10 Positive Teaching Actions to (Re)Consider

February 5, 2013

Teaching can be demanding, difficult, and downright frustrating. But it doesn't have to be.

As busy as we are as teachers, it is sometimes easy to forget the little things that can have a profound impact on our teaching effectiveness and the successes of our students.

Here is a list of 10 teaching actions that can make teaching more effectual and rewarding.

1. Greet students at the door.

This can be tough, given the number of responsibilities associated with preparing for a class session. However, the payoff for this trivial action is well worth the minimal effort required. It shows students that we care, sets the stage for a safe learning environment, and minimizes behavioral issues.

2. Let them talk freely.

Human beings are social. We need time to connect with others. Allowing students a few minutes at the beginning of every class to “Just Talk” actually gets them ready to focus on the learning tasks awaiting them. It also gives teachers a chance to interact with individual students and observe student interactions that may provide insights that guide instruction.

3. Jot a note.

Try to get in the habit of leaving a brief written message of encouragement, celebration, or information on a sticky note for individual students. “You worked tenaciously on your group project today - Keep up the great effort” or, “Insightful ideas shared today in discussion” or, “I thought you might like this article” can go along way toward establishing positive student roles in the classroom.

4. Provide a purpose.

Revealing the reason(s) for a learning activity allows teachers and students to understand its importance. Students will realize why they are participating in an activity, what they are intended to learn, and how the new knowledge or ability will impact their lives. Not only that, revealing the purpose allows students to set goals and assess their own efforts and learning.

5. Engage each individual.

Whole group discussions are valuable for presenting the purpose, instructions and expectations, and establishing individual student roles in the learning community. But, whole group instruction can be a waste of time. It is simple for a student to act like he/she is listening and think about other things. To promote individual engagement, have students talk with a peer to answer questions posed, clarify instructions and expectations, and synthesize the purpose. Don’t let them hide in whole group. Keep them talking, listening, and thinking.

6. Read aloud each day.

The act of reading aloud to students is priceless. A brief read aloud can serve as a model of fluent reading, present ideas to be explored further in a lesson, draw students to new genres or authors, clarify information, build background knowledge of a topic, or engage students. Any text can be used including quotes, riddles, poems, blogs, or lyrics. The list goes on and on and depends on the purpose of its intended use.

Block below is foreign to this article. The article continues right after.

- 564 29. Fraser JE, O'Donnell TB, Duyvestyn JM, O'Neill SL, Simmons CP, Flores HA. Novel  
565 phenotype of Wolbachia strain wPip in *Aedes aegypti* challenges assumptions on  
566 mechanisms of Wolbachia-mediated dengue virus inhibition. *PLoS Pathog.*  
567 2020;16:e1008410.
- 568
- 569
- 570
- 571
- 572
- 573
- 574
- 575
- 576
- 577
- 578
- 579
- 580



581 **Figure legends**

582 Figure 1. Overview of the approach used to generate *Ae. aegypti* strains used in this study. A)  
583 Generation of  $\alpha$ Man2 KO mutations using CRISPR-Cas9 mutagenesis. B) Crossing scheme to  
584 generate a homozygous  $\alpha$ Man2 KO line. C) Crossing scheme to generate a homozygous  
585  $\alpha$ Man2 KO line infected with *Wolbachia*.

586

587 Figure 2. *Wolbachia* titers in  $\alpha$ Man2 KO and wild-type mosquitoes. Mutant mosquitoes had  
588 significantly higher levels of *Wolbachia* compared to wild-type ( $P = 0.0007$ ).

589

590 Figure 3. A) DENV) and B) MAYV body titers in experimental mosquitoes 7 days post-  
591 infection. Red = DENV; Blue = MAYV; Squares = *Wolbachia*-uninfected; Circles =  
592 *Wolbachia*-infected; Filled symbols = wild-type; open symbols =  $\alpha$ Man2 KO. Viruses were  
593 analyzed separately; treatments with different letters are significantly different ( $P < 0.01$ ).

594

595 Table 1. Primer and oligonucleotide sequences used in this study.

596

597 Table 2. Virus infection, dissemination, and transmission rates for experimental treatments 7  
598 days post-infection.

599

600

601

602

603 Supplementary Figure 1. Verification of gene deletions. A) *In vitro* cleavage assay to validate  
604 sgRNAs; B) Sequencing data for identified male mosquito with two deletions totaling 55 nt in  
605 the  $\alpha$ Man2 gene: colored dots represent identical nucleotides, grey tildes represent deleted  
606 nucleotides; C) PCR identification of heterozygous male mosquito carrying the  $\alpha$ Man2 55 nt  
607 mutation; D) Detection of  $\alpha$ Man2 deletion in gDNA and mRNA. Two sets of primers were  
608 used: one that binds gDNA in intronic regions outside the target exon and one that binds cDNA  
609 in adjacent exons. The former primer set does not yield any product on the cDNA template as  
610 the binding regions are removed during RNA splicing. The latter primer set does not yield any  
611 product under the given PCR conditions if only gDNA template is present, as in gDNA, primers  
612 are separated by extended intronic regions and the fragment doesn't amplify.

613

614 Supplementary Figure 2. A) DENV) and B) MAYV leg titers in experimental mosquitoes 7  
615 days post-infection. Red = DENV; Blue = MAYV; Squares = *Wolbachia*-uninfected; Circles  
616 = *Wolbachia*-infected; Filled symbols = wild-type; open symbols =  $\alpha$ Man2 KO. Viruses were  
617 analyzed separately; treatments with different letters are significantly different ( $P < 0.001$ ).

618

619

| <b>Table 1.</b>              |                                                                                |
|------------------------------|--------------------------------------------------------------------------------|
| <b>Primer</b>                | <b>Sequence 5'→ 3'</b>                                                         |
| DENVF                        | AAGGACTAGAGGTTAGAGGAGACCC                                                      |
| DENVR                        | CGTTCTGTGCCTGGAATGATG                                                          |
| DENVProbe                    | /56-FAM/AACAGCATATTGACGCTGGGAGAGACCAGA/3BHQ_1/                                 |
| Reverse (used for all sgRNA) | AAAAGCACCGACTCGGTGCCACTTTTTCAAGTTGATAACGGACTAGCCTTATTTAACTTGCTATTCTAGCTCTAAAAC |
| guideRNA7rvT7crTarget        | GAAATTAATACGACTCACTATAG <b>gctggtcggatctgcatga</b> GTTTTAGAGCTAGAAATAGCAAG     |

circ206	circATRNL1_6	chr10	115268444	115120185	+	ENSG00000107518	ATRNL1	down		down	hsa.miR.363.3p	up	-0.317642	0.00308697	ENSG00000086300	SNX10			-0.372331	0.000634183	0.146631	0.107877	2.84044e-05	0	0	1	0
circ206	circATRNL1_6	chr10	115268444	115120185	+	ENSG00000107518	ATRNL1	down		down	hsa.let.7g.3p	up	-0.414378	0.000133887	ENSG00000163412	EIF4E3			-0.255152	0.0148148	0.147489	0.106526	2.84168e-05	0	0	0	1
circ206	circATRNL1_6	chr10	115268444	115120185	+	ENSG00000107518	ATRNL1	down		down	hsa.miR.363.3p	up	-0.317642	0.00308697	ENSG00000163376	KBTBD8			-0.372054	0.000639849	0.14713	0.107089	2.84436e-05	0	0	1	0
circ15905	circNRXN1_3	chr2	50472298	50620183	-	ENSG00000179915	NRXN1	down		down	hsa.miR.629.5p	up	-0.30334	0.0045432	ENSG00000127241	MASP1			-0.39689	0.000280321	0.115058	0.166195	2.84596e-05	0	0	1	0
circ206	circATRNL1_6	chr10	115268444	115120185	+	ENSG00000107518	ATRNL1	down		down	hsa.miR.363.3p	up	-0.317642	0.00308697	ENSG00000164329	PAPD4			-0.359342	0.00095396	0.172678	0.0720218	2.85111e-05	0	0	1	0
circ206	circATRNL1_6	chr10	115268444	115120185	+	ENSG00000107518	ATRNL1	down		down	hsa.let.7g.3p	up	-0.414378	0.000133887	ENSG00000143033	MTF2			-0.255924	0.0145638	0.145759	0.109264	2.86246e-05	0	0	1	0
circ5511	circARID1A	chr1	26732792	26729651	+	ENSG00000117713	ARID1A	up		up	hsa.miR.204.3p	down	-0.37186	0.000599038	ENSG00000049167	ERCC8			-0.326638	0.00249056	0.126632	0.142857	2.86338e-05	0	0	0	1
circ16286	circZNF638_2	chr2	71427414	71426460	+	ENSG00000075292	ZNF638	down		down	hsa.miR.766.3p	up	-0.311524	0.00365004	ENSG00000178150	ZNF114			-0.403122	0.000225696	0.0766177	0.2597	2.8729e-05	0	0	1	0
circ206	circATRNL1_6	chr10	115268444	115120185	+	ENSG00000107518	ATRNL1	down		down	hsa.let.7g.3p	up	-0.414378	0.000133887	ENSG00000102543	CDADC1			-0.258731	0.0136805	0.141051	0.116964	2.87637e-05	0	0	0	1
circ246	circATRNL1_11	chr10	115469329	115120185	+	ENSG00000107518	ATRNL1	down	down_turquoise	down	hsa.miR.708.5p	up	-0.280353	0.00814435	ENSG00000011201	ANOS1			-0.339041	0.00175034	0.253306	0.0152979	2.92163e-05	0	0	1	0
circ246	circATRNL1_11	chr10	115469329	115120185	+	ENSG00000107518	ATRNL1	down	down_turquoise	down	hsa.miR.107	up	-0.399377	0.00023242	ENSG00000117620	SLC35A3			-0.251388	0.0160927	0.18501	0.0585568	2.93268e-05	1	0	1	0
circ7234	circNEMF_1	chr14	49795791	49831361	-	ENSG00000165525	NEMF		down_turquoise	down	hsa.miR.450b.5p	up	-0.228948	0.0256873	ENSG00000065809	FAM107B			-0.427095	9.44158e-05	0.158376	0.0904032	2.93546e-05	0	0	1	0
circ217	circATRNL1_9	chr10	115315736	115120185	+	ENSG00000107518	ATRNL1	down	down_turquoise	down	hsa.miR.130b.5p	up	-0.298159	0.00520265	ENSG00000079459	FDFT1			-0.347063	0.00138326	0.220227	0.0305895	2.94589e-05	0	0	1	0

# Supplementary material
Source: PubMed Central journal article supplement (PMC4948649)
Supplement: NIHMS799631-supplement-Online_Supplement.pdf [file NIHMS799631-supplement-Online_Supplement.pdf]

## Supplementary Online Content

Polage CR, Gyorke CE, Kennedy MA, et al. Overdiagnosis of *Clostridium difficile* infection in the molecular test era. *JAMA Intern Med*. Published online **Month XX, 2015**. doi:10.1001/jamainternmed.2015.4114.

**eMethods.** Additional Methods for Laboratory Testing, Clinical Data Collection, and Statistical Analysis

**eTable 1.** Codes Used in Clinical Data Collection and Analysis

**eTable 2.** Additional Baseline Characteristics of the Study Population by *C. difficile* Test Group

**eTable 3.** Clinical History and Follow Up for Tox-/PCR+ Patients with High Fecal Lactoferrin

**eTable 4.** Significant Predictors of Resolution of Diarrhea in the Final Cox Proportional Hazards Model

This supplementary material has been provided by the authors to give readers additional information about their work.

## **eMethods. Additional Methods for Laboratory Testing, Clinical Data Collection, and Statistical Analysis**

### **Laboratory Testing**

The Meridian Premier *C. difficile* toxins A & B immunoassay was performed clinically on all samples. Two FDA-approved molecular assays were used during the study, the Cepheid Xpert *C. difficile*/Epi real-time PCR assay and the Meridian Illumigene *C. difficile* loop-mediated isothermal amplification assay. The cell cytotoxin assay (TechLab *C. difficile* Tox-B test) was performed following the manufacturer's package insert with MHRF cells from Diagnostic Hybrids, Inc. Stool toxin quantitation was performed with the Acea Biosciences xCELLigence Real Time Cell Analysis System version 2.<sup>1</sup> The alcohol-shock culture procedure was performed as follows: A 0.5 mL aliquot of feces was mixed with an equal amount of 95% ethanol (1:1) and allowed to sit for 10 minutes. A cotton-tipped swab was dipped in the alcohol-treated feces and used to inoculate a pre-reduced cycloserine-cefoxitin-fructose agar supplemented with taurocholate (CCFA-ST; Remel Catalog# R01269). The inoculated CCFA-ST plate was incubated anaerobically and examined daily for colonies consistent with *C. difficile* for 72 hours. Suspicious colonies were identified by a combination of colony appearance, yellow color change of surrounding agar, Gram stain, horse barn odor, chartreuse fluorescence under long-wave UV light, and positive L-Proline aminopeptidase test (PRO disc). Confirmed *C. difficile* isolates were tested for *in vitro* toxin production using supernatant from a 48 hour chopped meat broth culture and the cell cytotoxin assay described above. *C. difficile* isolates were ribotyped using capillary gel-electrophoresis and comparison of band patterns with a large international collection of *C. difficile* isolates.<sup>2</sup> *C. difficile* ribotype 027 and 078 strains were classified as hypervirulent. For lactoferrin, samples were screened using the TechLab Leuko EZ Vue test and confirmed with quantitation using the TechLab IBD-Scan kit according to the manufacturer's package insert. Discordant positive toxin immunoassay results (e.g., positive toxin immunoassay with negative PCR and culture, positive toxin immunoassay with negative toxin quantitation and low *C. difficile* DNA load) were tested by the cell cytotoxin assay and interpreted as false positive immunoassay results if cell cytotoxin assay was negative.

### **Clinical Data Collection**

7. Read for fun.

Students pursue their interests. We want reading to be one of those interests. So, why not link the two? Providing time for students to read about topics of personal interest affords opportunities to practice reading and the thinking that goes along with the act. Teachers can enhance the learning opportunity by reading as well or conferencing with individuals to support strategic reading behaviors.

8. Offer or accept alternatives.

Choices can entice and engage our most reluctant students. If the purposes of a learning activity are clear to the teacher and the students, a wide number of pathways might be taken to achieve the learning goals. If possible, offer alternative processes or product ideas to students to engage them and support their achievement of the intended learning goals. Or, encourage disinterested students to come up with their own ideas for meeting the intended learning goals. Then, affirm student ideas or encourage their further consideration until a suitable idea is presented.

9. Wrap it up.

Conclude every learning experience with a brief opportunity for students to reflect on or synthesize their new understanding. This can be achieved through activities such as peer discussions, personal learning journal entries, or a note to the teacher.

10. Smile.

This shows students that we care about them, that we enjoy being in their presence. It also shows them that we are approachable and enhances classroom communication.

This post was written by Ronald Schendel, a professor and co-author of the book "25 Essential Language Arts Strategies to Help Striving Readers Succeed." 

(Would you like to write a guest post for The Dime? Email us at dimecontact@copera.org.)

Other articles you may be interested in:
What a Student Teacher Needs From a Mentor Teacher
How to Cut Costs in the Classroom